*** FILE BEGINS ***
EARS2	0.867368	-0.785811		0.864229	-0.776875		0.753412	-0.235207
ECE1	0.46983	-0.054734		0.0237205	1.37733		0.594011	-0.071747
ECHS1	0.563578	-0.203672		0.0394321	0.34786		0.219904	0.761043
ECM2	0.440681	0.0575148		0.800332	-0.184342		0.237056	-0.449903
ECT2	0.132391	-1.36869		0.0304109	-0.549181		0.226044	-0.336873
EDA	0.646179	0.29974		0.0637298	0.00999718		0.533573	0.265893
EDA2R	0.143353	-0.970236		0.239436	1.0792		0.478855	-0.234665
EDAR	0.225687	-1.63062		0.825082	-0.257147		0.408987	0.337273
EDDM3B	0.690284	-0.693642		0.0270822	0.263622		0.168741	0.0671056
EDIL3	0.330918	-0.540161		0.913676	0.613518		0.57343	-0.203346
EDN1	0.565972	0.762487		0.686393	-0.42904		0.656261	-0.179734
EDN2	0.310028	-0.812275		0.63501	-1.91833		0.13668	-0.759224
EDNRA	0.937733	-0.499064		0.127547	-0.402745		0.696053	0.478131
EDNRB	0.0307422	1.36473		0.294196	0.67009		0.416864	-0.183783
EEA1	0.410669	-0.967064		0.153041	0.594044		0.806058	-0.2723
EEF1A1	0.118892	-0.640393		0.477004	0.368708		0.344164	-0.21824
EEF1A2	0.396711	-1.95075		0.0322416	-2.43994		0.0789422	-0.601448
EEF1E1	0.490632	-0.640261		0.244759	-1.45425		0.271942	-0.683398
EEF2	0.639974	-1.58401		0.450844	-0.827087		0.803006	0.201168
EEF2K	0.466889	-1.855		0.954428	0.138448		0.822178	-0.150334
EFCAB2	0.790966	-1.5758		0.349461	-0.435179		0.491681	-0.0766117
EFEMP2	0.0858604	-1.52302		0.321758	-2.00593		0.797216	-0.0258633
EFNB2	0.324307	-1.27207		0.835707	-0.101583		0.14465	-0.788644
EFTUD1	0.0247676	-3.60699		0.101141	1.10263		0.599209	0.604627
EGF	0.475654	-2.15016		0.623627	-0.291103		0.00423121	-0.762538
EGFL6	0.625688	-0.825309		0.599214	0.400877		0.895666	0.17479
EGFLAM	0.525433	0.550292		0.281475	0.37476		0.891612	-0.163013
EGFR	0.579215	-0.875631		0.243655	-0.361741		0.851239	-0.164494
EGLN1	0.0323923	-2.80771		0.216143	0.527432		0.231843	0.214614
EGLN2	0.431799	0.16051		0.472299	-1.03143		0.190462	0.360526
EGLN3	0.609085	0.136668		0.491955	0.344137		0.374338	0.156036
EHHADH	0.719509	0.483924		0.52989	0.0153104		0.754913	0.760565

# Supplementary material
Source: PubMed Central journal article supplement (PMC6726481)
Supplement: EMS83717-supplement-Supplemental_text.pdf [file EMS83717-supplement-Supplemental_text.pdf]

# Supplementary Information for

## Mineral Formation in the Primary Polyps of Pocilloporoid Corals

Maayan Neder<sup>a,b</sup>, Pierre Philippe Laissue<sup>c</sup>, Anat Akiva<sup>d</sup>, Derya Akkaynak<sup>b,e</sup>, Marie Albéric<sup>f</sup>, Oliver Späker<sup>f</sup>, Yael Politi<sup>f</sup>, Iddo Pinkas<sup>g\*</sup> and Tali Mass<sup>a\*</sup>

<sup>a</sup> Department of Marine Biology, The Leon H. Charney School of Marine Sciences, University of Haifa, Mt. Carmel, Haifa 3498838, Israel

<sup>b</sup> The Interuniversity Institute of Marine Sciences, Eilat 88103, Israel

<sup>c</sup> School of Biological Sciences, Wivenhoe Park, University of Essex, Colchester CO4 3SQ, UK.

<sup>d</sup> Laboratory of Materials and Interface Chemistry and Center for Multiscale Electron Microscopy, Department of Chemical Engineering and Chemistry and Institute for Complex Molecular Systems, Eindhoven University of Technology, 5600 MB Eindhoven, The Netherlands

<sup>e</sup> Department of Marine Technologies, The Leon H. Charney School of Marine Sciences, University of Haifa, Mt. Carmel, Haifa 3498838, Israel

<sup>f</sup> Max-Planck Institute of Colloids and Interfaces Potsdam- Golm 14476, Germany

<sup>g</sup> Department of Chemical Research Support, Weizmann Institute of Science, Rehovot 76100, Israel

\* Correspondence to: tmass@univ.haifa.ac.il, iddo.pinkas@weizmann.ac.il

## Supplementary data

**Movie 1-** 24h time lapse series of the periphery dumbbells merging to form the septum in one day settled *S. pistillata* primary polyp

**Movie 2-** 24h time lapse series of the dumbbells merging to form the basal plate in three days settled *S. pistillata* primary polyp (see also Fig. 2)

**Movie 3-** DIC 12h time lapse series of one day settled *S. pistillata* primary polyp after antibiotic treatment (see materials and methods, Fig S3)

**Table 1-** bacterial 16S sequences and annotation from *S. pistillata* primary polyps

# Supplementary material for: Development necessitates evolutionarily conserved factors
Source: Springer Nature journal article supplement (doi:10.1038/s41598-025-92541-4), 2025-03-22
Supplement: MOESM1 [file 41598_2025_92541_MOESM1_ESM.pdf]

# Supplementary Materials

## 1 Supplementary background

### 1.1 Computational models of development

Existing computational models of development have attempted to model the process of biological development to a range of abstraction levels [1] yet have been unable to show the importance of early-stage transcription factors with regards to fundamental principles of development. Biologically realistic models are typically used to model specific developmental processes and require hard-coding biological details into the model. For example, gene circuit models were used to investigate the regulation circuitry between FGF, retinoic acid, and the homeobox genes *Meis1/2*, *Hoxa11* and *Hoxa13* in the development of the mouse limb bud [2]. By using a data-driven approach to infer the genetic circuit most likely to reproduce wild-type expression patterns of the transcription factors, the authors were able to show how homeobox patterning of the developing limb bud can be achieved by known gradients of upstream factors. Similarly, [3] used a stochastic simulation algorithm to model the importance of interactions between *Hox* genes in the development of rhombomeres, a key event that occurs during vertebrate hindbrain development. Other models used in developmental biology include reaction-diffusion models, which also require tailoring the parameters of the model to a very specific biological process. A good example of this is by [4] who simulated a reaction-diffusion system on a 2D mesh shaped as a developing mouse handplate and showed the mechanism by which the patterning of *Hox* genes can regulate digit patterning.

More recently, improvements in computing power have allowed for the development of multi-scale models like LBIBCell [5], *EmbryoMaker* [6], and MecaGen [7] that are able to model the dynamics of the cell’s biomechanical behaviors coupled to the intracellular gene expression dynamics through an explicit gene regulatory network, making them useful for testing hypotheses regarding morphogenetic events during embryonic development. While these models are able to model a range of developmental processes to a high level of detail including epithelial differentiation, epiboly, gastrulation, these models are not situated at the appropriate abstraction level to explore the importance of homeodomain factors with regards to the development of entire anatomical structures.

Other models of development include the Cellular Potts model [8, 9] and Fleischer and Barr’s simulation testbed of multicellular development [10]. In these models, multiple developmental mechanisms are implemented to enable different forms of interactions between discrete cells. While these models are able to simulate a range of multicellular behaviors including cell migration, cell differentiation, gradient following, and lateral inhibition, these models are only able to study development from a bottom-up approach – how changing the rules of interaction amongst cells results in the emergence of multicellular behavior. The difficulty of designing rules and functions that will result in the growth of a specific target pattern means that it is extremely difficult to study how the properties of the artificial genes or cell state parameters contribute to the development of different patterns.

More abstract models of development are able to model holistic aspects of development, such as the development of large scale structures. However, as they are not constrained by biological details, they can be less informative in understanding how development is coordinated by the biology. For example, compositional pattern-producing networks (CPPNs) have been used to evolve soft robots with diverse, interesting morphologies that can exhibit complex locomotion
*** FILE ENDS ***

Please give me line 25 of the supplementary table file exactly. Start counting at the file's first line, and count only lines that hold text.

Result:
EGF	0.475654	-2.15016		0.623627	-0.291103		0.00423121	-0.762538